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One of the key justifications for the invasion of Iraq was spreading democracy in the Middle East. Proponents of democratization argue that the United States has a moral responsibility to empower those seeking freedom around the world, while others question the legitimacy of a governance structure imposed by outsiders. Is spreading democracy in the Middle East a bad idea?
For the motion
Senior Fellow and Director of the Geopolitics of Energy Initiative of the American Strategy Program at the New America Foundation
Flynt has served as senior director for Middle East affairs at the National Security Council, Middle East expert on the secretary of state's policy... Read More
Dimitri K. Simes
Founding President of The Nixon Center and Publisher of its foreign policy bi-monthly magazine
Before the establishment of the center, Simes served as chairman of the Center for Russian and Eurasian Programs at the Carnegie Endowment for International... Read More
Anwar Sadat Professor for Peace and Development at the University of Maryland, College Park, and non-resident senior fellow at the Saban Center at the Brookings Institution
In 2006, Shibley served on the Iraq Study Group as a member of the Strategic Environment Working Group.Read More
Against the motion
Attorney and Specialist in the areas of U.S. Middle East policy and reform in the Arab world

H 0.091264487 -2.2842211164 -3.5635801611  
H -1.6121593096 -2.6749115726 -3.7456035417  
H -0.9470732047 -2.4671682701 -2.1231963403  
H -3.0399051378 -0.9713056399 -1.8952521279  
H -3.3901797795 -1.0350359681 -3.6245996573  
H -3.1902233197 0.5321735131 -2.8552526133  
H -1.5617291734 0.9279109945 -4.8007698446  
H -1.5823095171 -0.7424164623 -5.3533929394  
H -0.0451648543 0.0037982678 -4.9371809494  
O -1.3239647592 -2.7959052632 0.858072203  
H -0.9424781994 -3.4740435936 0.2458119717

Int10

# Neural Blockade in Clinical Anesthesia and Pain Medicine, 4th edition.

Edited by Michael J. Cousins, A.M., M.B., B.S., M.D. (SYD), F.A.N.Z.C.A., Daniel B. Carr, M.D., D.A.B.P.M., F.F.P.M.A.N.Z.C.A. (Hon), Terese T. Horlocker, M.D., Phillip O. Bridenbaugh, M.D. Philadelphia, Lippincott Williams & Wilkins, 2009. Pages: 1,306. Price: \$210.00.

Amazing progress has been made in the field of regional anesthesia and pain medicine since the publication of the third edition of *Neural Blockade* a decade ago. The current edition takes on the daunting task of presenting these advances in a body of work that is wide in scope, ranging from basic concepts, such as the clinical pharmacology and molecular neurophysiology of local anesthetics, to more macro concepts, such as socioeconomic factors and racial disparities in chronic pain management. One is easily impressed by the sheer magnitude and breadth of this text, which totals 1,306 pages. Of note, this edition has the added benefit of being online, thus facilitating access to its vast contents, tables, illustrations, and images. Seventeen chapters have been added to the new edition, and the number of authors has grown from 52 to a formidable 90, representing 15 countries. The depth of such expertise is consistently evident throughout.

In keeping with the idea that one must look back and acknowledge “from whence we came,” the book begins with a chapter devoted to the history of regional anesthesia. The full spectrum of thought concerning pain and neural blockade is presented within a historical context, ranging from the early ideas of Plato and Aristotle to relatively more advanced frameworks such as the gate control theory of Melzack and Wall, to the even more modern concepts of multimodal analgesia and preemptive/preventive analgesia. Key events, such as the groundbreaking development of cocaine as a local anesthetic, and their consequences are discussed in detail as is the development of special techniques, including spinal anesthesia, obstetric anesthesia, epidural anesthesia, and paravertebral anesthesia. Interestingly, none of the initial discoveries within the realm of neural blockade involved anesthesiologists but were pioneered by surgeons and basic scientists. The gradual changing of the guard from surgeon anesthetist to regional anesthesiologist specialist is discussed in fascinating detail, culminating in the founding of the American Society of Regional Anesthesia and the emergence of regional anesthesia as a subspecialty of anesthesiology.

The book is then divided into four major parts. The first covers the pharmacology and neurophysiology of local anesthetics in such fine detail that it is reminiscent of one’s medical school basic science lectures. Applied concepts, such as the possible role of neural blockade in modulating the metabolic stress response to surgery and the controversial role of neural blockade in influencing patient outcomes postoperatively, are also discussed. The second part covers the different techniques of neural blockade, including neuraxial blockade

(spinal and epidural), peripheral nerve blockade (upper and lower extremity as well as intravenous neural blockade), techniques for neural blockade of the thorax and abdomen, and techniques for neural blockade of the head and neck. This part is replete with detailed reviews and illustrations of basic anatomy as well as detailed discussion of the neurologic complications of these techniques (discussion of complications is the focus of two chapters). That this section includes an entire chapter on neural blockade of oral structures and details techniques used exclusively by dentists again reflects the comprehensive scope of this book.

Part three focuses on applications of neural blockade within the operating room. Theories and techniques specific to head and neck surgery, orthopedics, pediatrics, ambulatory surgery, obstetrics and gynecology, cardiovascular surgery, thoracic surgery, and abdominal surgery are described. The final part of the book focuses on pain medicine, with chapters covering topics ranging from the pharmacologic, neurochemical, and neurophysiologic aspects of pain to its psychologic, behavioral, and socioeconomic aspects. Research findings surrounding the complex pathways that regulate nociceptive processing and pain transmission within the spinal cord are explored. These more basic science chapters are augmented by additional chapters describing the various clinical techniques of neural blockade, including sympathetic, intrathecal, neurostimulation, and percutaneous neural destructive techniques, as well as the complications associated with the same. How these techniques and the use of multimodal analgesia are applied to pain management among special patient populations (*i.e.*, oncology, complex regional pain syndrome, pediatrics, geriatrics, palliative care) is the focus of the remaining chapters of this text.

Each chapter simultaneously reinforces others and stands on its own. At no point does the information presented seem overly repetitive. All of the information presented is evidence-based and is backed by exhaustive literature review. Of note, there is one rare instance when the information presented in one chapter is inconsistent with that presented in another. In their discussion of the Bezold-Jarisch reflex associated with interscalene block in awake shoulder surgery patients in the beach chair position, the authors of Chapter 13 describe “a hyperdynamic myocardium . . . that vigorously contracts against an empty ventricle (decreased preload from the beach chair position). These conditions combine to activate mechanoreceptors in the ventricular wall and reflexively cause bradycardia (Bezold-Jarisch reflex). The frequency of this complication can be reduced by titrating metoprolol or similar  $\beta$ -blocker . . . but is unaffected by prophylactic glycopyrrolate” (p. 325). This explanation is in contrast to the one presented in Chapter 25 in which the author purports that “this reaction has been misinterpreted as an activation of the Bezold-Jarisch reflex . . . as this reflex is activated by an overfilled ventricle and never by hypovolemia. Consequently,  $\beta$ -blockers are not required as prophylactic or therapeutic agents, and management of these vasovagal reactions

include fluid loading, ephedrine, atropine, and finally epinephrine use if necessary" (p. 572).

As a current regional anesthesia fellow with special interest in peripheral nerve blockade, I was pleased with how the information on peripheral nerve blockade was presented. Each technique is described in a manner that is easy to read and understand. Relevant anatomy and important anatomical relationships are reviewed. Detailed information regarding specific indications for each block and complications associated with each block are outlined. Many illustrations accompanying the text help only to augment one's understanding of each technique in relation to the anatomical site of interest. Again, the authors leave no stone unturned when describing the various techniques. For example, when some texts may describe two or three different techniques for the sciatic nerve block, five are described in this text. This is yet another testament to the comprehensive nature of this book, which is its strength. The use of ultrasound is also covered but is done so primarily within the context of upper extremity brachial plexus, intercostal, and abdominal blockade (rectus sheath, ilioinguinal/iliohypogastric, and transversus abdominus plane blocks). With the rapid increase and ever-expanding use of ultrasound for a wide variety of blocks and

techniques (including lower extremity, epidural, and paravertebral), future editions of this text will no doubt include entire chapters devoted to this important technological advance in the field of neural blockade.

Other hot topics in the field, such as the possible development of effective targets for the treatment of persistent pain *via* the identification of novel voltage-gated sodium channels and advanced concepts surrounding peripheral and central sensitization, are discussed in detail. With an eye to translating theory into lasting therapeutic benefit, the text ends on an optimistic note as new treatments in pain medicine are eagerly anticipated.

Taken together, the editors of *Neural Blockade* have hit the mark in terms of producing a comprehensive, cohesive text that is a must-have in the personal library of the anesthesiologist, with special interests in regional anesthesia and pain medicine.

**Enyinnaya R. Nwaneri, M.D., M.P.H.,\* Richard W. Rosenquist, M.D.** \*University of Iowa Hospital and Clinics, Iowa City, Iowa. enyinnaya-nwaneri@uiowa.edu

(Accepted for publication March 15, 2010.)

Liz served most recently as Principal Deputy Assistant Secretary of State for Near Eastern Affairs (2005-2006). Her responsibilities included designing... Read More
Vice President for Foreign and Defense Policy Studies at the American Enterprise Institute
Danielle's research areas include the Middle East, South Asia, terrorism and weapons proliferation. She recently served as a member of the Task Force... Read More
Chairman of the Adelson Institute for Strategic Studies at The Shalem Center in Jerusalem
From March 2003 until May 2005, Natan was an Israeli minister responsible for Jerusalem, social and Jewish diaspora affairs. He also has served as... Read More
Where Do You Stand?
For The Motion
Democratization in the Middle East should be the result of regional revolution and the legitimate political will of its people, not American intervention.
Overthrowing existing leaders in the name of democracy often leads to the installation of oppressive leaders who seize power when their nations are politically, socially and economically destabilized.
The act of promoting democracy in the Middle East, which often directly conflicts with the will of existing governments and political leaders, would inspire more terrorist attacks and further harm American interests.
Against The Motion
America cannot maintain its image as a beacon of democracy and freedom if it fails to support the democratic will of historically oppressed people.
Terrorist groups thrive in areas that perpetuate a sense of political hopelessness; building democracy diminishes those strongholds and restrains America’s enemies abroad.
Fostering stability and democracy in the Middle East directly benefits American economic interests as it fosters the creation of global allies and reduces the need for foreign humanitarian aid.